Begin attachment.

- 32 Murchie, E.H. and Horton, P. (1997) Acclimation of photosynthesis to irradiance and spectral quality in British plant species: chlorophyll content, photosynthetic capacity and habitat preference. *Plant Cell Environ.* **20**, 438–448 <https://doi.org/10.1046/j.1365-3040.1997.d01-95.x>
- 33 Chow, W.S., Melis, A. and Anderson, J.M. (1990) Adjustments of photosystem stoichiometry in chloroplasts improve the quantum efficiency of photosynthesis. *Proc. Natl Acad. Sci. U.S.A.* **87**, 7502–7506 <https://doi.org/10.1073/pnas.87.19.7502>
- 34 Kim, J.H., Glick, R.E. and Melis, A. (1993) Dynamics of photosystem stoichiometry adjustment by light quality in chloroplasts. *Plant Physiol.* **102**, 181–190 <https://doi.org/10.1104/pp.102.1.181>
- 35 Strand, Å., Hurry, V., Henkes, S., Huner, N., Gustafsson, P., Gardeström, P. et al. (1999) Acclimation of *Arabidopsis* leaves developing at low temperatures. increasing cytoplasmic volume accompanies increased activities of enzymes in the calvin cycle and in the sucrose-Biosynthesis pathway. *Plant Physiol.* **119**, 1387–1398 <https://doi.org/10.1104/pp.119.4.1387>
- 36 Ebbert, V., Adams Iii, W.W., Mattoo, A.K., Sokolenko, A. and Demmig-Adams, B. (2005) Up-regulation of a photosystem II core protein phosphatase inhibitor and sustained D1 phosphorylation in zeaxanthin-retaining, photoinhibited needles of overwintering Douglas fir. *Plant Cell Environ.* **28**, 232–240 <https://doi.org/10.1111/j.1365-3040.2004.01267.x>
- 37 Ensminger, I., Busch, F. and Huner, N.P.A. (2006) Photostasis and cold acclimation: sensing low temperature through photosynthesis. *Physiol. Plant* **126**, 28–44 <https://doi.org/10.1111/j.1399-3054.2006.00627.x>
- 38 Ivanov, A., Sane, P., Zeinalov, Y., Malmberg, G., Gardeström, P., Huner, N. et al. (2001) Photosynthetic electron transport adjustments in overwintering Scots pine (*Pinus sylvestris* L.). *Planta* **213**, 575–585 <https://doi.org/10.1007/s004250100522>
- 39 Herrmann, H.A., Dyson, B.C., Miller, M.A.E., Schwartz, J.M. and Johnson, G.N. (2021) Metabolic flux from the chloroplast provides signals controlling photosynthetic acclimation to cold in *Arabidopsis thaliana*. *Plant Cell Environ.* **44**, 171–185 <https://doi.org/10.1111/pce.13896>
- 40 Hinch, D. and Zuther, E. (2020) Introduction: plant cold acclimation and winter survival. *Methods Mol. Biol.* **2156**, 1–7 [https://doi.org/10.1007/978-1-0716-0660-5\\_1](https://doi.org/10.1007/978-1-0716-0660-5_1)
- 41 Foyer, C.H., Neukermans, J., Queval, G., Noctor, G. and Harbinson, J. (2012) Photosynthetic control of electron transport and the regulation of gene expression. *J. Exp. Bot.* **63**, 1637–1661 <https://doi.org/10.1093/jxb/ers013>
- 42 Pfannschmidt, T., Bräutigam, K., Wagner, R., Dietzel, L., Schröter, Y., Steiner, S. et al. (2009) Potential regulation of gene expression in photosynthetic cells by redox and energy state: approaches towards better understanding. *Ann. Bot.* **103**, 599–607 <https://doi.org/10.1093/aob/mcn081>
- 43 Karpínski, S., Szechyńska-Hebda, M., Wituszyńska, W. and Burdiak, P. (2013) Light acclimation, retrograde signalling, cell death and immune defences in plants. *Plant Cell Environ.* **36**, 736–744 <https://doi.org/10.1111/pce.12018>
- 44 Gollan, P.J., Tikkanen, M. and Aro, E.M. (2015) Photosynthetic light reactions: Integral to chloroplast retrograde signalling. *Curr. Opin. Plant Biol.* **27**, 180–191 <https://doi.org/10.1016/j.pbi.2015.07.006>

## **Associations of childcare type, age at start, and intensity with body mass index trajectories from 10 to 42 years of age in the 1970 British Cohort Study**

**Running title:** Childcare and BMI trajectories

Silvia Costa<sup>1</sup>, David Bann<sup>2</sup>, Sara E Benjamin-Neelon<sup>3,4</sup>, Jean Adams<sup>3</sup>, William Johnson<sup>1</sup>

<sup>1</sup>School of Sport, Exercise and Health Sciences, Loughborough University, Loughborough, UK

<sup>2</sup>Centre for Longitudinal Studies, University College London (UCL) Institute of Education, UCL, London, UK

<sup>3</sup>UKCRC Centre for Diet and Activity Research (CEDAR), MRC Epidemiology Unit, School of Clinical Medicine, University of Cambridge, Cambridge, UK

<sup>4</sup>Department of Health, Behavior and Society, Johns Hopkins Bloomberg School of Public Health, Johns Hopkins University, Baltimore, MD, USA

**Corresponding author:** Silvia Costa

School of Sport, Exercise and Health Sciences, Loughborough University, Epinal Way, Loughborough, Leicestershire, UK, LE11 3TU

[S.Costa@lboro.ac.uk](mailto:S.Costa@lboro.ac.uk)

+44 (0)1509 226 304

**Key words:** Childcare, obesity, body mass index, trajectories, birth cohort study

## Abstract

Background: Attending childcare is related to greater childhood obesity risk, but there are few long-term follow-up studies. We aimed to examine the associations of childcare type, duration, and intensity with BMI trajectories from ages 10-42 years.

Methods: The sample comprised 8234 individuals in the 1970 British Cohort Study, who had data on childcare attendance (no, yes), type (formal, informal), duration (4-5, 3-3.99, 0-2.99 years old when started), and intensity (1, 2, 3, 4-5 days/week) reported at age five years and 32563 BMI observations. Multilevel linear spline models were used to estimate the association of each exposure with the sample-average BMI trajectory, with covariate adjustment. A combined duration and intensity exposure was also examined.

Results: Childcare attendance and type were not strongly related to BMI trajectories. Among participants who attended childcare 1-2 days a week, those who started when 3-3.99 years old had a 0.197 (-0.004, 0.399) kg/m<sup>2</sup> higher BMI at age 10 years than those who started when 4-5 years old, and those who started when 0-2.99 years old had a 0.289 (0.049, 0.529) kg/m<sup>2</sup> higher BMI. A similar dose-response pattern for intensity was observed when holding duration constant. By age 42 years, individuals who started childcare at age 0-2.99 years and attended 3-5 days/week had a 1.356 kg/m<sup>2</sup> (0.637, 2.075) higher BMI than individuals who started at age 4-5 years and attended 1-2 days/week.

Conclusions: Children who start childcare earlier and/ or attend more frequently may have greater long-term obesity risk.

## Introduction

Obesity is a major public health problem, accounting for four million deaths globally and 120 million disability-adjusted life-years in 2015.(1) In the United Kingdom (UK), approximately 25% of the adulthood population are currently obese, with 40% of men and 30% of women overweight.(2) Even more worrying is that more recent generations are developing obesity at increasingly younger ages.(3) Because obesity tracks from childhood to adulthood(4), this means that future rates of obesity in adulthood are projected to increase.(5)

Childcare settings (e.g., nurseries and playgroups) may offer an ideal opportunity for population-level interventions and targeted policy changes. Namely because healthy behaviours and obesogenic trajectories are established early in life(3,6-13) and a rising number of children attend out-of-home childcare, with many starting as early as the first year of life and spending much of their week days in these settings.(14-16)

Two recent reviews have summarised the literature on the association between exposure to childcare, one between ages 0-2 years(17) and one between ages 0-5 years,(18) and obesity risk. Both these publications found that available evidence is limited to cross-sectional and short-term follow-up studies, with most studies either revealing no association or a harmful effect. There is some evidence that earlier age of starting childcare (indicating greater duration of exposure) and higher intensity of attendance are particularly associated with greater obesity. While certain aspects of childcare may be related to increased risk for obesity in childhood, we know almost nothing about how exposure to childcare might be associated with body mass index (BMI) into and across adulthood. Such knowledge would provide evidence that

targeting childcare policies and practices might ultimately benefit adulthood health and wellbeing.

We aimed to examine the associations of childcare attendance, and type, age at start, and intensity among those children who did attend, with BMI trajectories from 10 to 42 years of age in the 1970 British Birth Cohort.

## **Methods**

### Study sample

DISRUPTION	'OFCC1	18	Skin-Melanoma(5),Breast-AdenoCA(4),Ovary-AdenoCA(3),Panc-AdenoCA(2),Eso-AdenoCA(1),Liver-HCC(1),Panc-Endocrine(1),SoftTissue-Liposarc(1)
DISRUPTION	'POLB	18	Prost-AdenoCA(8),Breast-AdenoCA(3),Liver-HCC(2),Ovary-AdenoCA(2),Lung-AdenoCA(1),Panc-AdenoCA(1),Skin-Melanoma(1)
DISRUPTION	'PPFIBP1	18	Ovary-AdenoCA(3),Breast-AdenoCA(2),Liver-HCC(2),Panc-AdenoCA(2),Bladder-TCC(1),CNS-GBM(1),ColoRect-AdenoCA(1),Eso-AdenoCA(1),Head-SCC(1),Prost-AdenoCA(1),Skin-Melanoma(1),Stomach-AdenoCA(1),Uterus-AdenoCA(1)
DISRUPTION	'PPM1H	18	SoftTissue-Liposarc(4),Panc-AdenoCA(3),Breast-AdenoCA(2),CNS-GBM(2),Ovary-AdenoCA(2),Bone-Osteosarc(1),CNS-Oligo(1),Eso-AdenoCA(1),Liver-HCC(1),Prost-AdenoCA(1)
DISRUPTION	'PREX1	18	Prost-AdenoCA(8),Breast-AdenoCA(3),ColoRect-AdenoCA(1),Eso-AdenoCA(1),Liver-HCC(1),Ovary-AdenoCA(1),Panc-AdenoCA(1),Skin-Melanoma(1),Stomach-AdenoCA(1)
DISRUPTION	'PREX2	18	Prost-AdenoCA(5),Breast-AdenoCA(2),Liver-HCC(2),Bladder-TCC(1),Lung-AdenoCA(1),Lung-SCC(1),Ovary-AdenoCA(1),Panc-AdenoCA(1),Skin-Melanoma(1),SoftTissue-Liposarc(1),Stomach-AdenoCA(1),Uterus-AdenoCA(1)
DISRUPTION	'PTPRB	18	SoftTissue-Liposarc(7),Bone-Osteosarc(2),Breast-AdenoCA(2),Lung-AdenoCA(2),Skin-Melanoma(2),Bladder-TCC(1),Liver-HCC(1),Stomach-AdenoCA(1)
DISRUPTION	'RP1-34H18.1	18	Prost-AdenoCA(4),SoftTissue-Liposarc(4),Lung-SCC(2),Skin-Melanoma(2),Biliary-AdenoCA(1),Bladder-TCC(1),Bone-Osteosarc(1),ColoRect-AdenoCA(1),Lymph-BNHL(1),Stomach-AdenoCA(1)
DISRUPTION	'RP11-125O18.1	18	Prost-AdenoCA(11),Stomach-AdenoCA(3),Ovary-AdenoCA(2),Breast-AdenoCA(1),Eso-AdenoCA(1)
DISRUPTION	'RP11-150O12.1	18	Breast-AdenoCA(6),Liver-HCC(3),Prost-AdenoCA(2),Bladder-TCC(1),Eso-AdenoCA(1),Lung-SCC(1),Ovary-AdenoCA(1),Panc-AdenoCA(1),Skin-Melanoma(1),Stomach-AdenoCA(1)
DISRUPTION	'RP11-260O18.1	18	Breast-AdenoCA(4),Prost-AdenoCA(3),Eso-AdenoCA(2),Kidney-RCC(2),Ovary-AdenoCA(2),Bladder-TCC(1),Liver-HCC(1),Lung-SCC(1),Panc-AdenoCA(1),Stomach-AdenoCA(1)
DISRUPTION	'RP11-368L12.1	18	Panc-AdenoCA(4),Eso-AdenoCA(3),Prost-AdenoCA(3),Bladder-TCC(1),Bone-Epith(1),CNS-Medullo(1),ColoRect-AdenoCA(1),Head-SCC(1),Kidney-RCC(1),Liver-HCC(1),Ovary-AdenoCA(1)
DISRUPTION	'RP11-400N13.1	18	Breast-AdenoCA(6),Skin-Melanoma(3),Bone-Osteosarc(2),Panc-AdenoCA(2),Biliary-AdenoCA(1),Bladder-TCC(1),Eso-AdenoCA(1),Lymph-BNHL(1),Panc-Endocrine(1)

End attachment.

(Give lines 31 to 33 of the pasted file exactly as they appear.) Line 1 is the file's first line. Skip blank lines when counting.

## Introduction

Obesity is a major public health problem, accounting for four million deaths globally and 120 million disability-adjusted life-years in 2015.(1) In the United Kingdom (UK), approximately 25% of the adulthood population are currently obese, with 40% of men and 30% of women overweight.(2) Even more worrying is that more recent generations are developing obesity at increasingly younger ages.(3) Because obesity tracks from childhood to adulthood(4), this means that future rates of obesity in adulthood are projected to increase.(5)

Childcare settings (e.g., nurseries and playgroups) may offer an ideal opportunity for population-level interventions and targeted policy changes. Namely because healthy behaviours and obesogenic trajectories are established early in life(3,6-13) and a rising number of children attend out-of-home childcare, with many starting as early as the first year of life and spending much of their week days in these settings.(14-16)